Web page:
Three weeks after voters limited the emergency powers of Gov. Tom Wolf and his successors, the Pennsylvania state Senate has moved to impose similar restrictions on the state health secretary.
The GOP-controlled chamber voted 29-20 on Wednesday to approve legislation that prohibits the Keystone State’s top public health official from mandating stay-at-home orders, imposing masking and social distancing guidelines, and ordering business closures.
The legislation also bars the state’s health secretary from requiring individuals to “conduct a specific hygienic practice,” such as hand washing.
The legislation — sponsored by Sen. Kristin Phillips-Hill, R-York — was introduced last month as a vaccine passport bill that would prohibit the government from requiring proof of a COVID-19 vaccination to receive services. Two amendments were added to the proposal on third consideration. One change expands the “vaccine passport” restriction to postsecondary institutions that receive state funding.
But another amendment from Sen. Judy Ward, R-Blair, who sponsored the language, aims to take away what she called “unilateral power” from the health secretary, who is not an elected official.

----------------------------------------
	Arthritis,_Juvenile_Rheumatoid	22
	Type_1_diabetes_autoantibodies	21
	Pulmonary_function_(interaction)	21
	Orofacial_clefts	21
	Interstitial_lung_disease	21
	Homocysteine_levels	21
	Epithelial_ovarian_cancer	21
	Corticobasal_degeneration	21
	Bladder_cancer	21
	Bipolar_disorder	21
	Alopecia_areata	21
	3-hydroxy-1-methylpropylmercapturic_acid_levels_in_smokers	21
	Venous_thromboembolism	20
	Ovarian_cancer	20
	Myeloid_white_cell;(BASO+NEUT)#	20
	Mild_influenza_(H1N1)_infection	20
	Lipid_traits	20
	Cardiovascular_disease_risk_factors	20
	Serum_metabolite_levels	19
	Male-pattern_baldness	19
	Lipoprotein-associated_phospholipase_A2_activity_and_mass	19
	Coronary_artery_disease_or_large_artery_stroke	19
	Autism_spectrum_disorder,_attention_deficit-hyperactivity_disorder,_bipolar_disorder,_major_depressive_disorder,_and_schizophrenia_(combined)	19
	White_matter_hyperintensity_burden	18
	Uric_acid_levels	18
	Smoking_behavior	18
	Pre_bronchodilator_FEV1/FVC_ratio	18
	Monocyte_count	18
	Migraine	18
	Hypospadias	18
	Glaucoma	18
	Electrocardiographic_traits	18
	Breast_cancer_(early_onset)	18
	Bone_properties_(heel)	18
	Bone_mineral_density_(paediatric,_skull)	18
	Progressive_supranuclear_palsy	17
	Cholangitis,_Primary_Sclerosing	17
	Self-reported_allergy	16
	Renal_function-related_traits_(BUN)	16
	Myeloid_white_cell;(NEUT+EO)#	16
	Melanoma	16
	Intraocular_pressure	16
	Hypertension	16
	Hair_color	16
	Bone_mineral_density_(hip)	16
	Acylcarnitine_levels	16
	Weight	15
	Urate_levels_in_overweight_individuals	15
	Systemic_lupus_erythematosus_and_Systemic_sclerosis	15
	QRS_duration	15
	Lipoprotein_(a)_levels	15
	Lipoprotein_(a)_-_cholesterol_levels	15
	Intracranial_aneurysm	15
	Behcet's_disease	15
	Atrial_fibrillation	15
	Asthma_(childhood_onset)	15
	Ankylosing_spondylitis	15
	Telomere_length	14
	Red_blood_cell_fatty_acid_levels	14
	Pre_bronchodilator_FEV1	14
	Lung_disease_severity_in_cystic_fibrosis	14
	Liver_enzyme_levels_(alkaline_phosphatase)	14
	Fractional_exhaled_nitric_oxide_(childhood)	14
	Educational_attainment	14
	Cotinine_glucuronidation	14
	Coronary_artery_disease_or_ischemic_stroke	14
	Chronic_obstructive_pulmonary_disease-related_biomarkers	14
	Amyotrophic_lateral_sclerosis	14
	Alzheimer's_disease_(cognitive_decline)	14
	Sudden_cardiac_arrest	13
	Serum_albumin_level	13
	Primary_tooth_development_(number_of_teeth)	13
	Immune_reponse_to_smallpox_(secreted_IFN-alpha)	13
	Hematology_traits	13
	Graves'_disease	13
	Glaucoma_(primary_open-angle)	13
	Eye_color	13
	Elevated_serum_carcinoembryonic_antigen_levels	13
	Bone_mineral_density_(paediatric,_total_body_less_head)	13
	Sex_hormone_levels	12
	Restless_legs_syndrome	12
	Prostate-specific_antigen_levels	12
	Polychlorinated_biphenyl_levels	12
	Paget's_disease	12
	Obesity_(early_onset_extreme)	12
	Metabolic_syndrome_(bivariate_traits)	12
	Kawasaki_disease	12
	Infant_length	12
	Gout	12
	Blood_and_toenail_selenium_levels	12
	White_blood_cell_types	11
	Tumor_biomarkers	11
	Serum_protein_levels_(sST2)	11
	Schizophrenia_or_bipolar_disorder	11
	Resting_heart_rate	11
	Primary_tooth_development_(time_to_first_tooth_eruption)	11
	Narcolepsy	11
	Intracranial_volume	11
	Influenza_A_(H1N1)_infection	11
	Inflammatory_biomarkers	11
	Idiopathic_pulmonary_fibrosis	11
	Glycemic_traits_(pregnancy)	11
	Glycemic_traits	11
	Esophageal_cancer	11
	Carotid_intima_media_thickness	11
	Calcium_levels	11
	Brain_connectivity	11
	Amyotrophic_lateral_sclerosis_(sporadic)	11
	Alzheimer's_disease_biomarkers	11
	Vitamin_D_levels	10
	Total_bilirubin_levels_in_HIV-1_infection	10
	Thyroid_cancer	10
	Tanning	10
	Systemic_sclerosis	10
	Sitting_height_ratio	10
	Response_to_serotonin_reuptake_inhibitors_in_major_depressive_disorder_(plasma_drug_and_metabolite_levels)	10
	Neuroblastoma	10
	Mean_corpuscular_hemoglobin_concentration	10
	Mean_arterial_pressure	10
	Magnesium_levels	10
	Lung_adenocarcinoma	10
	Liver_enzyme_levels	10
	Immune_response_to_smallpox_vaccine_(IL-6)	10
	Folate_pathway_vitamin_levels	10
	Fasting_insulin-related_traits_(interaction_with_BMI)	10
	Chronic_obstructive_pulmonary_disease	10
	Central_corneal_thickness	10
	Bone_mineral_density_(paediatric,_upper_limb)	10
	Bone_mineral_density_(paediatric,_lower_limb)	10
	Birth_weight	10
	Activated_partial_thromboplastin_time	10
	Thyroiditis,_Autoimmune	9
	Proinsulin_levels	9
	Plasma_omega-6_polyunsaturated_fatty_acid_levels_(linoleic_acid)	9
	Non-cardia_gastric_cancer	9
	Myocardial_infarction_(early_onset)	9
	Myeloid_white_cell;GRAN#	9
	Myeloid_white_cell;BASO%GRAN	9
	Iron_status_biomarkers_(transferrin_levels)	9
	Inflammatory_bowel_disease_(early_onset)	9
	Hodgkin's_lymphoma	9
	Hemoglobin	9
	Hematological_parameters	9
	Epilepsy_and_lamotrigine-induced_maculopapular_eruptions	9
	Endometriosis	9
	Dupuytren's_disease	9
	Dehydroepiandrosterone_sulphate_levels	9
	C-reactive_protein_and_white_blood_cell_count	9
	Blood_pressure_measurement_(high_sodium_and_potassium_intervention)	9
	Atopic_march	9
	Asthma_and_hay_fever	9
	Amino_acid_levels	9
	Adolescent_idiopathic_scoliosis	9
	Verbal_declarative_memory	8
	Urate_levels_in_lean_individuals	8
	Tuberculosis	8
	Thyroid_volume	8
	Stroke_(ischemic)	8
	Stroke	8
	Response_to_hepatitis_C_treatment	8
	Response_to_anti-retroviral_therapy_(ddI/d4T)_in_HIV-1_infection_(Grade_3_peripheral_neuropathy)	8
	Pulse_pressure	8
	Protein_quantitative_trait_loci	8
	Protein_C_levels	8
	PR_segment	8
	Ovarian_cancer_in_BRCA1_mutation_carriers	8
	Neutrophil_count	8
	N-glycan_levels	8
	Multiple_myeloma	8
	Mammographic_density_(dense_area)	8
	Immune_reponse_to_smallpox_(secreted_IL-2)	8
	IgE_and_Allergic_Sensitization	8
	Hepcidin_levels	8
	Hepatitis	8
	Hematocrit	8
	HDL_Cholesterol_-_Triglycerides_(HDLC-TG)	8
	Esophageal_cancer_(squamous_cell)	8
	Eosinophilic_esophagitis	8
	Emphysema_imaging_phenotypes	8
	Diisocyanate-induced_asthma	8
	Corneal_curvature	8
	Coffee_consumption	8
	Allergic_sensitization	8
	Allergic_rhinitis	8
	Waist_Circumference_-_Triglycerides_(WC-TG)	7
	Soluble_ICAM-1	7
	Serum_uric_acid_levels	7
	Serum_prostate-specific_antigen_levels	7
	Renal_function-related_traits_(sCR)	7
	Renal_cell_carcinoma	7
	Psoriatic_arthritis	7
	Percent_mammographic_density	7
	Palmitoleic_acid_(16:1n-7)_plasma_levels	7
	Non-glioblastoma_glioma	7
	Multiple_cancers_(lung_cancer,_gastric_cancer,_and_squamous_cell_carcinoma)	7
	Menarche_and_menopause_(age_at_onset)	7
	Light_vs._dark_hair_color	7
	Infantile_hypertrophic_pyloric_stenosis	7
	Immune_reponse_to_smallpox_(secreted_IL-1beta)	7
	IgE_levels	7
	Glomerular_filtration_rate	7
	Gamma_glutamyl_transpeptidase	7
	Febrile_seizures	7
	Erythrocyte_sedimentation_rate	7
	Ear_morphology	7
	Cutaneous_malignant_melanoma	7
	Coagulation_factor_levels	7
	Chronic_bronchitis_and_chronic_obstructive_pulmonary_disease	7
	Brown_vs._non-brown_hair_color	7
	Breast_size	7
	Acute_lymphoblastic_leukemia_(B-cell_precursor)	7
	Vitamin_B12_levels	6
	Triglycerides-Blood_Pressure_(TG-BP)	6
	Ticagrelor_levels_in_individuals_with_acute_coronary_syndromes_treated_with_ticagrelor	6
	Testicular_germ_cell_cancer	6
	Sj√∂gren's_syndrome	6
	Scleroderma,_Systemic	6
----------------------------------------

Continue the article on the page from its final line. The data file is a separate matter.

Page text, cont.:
“Nothing in this amendment prevents the secretary from being able to protect the health and well-being of Pennsylvanians,” Ward, a nurse, said Tuesday before the Senate vote on the amendment. “Rather, the amendment simply prevents one person from unilaterally throwing tens of thousands of citizens out of work, barring children from school, and spending millions of taxpayer dollars.”
She added: “When it comes to limits on civil liberties, I think more voices representing the will of the people make for better emergency response and a more enduring freedom.”
If the bill becomes law, the health secretary would be required to explain to the General Assembly why mitigation efforts are necessary to respond to an emergency.
Sen. Lisa Boscola, D-Northampton, said she was supportive of the legislation when it was first proposed, but the “irresponsible” amendment to restrict the health secretary changed her mind, she said — calling the change “reckless policy.”
“The amendment precludes the secretary of health from instituting protective measures to address future public health crises — and some that could be far more contagious, far more deadly than COVID,” she said Wednesday.
Senate Minority Leader Jay Costa, D-Allegheny, argued that Ward’s amendment would restrict those who are qualified to respond to emergencies. He noted how state lawmakers have looked to the Centers for Disease Control and Prevention for pandemic guidance since March 2020.
The legislation now goes to the state House for consideration. Gov. Tom Wolf has said he will veto it.